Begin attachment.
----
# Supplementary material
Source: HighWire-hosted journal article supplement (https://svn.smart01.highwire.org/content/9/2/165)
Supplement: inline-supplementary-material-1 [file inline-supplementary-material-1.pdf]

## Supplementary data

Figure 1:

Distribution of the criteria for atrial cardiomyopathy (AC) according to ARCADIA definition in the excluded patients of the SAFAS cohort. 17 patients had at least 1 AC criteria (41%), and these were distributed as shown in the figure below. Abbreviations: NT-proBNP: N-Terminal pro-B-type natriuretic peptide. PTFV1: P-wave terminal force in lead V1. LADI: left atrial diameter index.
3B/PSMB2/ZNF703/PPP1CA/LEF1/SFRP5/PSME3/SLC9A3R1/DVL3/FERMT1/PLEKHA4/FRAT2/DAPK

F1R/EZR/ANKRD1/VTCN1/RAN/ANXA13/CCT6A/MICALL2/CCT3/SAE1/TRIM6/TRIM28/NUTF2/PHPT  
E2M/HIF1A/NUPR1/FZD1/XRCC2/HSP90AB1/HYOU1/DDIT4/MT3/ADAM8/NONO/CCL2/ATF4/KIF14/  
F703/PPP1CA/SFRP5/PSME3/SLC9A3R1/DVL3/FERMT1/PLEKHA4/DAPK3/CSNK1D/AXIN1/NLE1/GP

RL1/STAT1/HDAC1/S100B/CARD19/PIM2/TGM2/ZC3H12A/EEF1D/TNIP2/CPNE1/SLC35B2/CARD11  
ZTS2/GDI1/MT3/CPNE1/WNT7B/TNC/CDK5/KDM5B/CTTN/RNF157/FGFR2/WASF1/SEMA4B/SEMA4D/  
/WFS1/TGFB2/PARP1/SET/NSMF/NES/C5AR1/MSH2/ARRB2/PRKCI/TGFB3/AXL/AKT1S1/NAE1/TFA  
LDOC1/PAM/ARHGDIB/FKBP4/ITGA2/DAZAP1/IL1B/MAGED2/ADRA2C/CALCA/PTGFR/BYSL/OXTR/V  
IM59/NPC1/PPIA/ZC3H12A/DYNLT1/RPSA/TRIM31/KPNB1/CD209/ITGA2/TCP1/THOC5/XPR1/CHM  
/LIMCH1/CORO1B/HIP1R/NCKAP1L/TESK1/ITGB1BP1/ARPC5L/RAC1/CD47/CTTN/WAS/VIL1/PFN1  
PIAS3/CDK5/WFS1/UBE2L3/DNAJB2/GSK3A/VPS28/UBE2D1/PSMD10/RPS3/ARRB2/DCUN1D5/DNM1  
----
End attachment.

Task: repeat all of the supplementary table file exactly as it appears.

# Supplementary material
Source: HighWire-hosted journal article supplement (https://svn.smart01.highwire.org/content/9/2/165)
Supplement: inline-supplementary-material-1 [file inline-supplementary-material-1.pdf]

## Supplementary data

Figure 1:

Distribution of the criteria for atrial cardiomyopathy (AC) according to ARCADIA definition in the excluded patients of the SAFAS cohort. 17 patients had at least 1 AC criteria (41%), and these were distributed as shown in the figure below. Abbreviations: NT-proBNP: N-Terminal pro-B-type natriuretic peptide. PTFV1: P-wave terminal force in lead V1. LADI: left atrial diameter index.
3B/PSMB2/ZNF703/PPP1CA/LEF1/SFRP5/PSME3/SLC9A3R1/DVL3/FERMT1/PLEKHA4/FRAT2/DAPK

F1R/EZR/ANKRD1/VTCN1/RAN/ANXA13/CCT6A/MICALL2/CCT3/SAE1/TRIM6/TRIM28/NUTF2/PHPT  
E2M/HIF1A/NUPR1/FZD1/XRCC2/HSP90AB1/HYOU1/DDIT4/MT3/ADAM8/NONO/CCL2/ATF4/KIF14/  
F703/PPP1CA/SFRP5/PSME3/SLC9A3R1/DVL3/FERMT1/PLEKHA4/DAPK3/CSNK1D/AXIN1/NLE1/GP

RL1/STAT1/HDAC1/S100B/CARD19/PIM2/TGM2/ZC3H12A/EEF1D/TNIP2/CPNE1/SLC35B2/CARD11  
ZTS2/GDI1/MT3/CPNE1/WNT7B/TNC/CDK5/KDM5B/CTTN/RNF157/FGFR2/WASF1/SEMA4B/SEMA4D/  
/WFS1/TGFB2/PARP1/SET/NSMF/NES/C5AR1/MSH2/ARRB2/PRKCI/TGFB3/AXL/AKT1S1/NAE1/TFA  
LDOC1/PAM/ARHGDIB/FKBP4/ITGA2/DAZAP1/IL1B/MAGED2/ADRA2C/CALCA/PTGFR/BYSL/OXTR/V  
IM59/NPC1/PPIA/ZC3H12A/DYNLT1/RPSA/TRIM31/KPNB1/CD209/ITGA2/TCP1/THOC5/XPR1/CHM  
/LIMCH1/CORO1B/HIP1R/NCKAP1L/TESK1/ITGB1BP1/ARPC5L/RAC1/CD47/CTTN/WAS/VIL1/PFN1  
PIAS3/CDK5/WFS1/UBE2L3/DNAJB2/GSK3A/VPS28/UBE2D1/PSMD10/RPS3/ARRB2/DCUN1D5/DNM1  